Los Angeles, California
June 11-13, 2015
Monday, September 29, 2014 – Monday, December 1, 2014
This conference reframes the debate over equity and educational technology, moving us from access to tools toward new practices and forms of engagement, narratives, social supports, and networks. We will examine issues of equity, nationally and globally, across economically developing and developed countries, and a range of settings and purposes in which rich, meaningful, and relevant learning and engagement are re-imagined. We hope to dedicate special attention to the ingenuity and creativity that already exist in the everyday practices of groups often thought to be marginal to technology innovation and learning, including women and girls, nondominant families and communities in the U.S., and outside stereotypically high-tech regions. In addition to showcasing the most current research, the conference will engage participants in discussions, demonstrations, performances, screenings, and designs that promote equity and address inequity. We also will draw on grassroot, community, and activist efforts to use digital media in productive and empowering ways, and on new research and classroom practices designed to create a new pedagogical imagination about the ways tech tools can be used, repurposed, and redesigned in the service of robust and equitable practices.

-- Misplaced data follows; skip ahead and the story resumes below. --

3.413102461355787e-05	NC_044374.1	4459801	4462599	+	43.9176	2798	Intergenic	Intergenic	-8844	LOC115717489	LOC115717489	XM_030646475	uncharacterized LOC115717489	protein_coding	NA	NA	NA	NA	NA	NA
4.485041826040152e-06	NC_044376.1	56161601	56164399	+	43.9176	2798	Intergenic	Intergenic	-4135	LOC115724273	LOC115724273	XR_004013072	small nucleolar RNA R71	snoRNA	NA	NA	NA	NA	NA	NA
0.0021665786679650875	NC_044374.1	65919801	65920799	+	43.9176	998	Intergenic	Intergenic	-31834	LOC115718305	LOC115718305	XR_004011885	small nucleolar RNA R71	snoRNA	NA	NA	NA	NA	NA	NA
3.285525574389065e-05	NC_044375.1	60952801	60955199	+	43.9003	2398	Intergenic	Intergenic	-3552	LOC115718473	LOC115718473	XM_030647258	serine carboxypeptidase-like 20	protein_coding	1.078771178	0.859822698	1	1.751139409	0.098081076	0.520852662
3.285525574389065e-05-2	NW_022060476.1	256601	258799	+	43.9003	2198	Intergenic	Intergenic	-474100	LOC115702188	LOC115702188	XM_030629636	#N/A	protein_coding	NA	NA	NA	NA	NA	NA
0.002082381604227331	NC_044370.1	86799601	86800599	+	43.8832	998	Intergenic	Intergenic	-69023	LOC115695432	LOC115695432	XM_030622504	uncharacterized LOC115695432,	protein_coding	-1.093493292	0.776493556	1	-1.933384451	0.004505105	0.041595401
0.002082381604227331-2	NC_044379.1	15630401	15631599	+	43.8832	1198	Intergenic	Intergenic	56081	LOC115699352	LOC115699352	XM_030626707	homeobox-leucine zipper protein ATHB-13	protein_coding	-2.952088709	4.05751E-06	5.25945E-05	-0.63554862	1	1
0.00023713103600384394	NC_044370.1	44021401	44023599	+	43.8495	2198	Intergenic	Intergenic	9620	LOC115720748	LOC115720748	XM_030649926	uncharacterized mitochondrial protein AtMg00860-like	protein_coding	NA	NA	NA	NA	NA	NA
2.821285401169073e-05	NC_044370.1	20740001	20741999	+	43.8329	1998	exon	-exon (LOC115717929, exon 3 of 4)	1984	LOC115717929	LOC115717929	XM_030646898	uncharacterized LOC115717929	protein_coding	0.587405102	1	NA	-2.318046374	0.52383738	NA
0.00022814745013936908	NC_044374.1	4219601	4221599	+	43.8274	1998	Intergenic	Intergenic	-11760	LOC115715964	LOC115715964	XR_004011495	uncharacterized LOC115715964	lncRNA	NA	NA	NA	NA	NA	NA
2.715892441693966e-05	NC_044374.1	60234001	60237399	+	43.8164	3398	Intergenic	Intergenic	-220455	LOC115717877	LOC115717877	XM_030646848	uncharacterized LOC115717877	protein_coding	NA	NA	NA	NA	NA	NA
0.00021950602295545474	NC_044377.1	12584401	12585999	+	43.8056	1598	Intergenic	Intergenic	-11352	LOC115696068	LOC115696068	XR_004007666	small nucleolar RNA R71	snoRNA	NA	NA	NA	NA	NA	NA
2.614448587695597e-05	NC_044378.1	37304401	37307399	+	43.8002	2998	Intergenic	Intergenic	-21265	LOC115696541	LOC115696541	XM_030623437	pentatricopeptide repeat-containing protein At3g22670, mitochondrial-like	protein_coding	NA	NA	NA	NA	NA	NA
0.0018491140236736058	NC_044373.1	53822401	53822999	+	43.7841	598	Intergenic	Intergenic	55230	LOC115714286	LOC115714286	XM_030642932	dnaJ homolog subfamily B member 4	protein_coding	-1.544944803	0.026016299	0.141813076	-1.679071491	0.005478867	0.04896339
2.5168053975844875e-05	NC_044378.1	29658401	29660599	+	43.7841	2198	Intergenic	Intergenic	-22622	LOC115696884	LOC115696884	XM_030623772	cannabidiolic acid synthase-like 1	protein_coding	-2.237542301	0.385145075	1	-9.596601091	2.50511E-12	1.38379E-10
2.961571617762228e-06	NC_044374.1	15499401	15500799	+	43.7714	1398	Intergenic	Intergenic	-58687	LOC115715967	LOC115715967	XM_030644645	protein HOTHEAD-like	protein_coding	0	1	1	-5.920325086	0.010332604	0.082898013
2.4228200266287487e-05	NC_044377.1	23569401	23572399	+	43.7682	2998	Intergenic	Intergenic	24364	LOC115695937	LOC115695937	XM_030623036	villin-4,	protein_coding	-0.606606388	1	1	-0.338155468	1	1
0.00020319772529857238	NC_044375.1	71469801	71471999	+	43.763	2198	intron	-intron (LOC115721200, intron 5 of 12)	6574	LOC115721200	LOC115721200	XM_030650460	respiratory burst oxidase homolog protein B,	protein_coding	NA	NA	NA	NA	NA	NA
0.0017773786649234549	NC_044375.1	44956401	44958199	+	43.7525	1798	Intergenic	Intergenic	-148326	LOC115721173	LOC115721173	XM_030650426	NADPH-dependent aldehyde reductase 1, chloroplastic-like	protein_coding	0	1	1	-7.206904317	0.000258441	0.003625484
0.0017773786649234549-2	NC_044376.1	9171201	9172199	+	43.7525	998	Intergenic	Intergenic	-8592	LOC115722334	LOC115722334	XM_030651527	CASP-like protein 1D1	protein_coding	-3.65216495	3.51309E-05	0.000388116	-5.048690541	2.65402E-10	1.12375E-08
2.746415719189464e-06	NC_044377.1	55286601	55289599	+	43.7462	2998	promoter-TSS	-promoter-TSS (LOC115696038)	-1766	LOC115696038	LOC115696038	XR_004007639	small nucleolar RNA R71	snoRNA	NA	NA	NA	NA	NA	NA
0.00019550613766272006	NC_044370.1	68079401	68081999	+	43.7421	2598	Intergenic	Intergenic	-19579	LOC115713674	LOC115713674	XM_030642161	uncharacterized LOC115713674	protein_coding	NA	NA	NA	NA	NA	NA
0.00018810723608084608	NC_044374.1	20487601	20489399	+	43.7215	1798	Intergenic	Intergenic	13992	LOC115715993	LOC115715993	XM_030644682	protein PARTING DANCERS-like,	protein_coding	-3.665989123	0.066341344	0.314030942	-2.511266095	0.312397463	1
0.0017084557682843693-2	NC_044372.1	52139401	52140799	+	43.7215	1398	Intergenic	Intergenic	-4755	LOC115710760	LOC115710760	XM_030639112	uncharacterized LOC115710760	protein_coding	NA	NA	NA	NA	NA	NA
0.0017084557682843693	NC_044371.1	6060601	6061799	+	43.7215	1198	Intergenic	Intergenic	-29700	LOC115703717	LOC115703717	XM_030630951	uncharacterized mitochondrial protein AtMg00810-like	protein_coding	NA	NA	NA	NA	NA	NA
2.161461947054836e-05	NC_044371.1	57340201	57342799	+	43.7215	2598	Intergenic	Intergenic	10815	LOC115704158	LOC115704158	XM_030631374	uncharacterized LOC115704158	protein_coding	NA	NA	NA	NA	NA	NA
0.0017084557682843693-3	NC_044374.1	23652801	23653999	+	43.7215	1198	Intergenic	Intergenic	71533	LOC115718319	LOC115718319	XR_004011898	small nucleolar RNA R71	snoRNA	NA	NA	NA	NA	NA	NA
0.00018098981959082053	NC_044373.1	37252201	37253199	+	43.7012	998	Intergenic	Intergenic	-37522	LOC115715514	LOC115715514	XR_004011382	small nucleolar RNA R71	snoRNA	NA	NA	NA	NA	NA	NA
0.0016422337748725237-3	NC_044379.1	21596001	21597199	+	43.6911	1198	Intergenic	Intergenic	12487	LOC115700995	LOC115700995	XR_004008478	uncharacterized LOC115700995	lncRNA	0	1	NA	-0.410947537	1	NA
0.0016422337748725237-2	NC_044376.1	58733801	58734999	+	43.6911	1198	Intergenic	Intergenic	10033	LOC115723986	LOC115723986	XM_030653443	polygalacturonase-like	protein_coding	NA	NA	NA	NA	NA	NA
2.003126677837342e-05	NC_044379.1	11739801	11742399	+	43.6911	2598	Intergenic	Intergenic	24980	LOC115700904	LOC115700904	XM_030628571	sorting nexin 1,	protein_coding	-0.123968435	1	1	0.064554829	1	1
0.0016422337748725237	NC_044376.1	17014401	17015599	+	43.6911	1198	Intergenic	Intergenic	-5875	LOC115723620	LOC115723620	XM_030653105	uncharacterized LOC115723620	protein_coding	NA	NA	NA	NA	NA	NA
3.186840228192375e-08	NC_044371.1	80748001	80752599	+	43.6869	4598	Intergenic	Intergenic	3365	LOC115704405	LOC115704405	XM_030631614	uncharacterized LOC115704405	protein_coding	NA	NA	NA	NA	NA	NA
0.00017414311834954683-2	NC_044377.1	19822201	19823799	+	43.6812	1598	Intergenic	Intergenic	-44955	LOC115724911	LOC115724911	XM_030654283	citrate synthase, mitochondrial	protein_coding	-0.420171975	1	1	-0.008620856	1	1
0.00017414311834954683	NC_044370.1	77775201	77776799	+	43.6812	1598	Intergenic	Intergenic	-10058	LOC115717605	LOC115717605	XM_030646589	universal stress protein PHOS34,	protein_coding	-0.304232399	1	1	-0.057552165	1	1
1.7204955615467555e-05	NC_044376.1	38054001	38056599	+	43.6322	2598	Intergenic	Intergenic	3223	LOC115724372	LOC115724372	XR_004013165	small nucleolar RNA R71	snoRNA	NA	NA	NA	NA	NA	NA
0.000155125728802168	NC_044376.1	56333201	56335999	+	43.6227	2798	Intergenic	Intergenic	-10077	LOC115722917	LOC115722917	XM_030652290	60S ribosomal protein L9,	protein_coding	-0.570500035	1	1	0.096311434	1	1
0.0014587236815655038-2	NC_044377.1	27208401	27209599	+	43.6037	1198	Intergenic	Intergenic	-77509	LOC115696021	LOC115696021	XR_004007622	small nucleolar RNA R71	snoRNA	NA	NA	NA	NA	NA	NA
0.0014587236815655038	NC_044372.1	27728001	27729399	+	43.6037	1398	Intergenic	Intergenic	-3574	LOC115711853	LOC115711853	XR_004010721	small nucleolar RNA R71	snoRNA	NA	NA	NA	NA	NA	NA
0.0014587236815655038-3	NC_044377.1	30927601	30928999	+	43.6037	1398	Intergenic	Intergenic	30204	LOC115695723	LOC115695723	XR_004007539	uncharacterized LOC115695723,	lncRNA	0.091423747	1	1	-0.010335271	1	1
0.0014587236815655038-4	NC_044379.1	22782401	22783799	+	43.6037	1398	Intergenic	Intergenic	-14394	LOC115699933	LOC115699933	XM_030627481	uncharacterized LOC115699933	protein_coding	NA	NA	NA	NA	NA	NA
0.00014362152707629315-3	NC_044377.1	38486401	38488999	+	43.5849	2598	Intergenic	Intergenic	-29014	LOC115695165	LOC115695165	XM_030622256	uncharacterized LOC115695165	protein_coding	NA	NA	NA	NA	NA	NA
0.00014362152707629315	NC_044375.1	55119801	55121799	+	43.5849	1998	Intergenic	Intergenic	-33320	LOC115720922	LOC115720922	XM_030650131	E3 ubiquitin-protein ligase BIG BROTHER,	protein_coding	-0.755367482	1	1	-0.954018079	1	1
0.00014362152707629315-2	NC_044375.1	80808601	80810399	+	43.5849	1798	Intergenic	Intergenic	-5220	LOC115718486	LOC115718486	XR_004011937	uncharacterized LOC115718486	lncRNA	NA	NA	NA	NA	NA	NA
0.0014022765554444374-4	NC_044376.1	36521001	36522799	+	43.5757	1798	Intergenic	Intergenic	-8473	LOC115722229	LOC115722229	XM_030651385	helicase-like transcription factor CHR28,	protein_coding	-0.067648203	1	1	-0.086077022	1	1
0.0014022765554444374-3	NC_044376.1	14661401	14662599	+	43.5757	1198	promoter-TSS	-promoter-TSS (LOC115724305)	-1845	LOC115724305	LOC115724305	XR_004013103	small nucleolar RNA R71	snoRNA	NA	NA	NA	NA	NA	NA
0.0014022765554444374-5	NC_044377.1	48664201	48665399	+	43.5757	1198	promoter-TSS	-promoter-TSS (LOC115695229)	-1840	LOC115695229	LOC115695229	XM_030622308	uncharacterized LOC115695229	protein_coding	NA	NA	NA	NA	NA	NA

Social inequity and increasing economic stratification limit opportunities to engage in rich, meaningful, and relevant learning. Attempts to address educational inequity, limited opportunity, or perceived “deficiencies” — particularly for historically marginalized populations — often focus primarily on promoting access to educational institutions and pathways. In the domain of digital media, the focus has traditionally been on technology access framed in terms of a digital divide. Too often, these approaches fail to fully appreciate the local capacities, social networks, and cultural repertoires of nondominant groups. Further, by framing the problem as a question of access to dominant institutions, technology, and culture, we run the risk of deflecting attention from the underlying economic and social structuring of inequity.
This conference seeks to engage the following questions: How do new technologies and networks offer solutions or exacerbate inequity? How are different genres of engagement with technology intersecting with enduring forms of economic, cultural, and social stratification? How do we need to adapt public policy and educational practice to respond to the new challenges of promoting equity, given the ascendance of networked and informal modes of learning? In what ways can equity become part of the logic of design, implementation, and assessment? How can we build more expansive discourses and representations of young people’s full cultural repertoires and digital media’s role in shaping new practices and opportunities? What leading-edge design grammars or structures are needed to imagine new social futures for today’s youth, locally and globally?
Find out more information on the call for proposals at dml2015.dmlhub.net/call-for-proposals.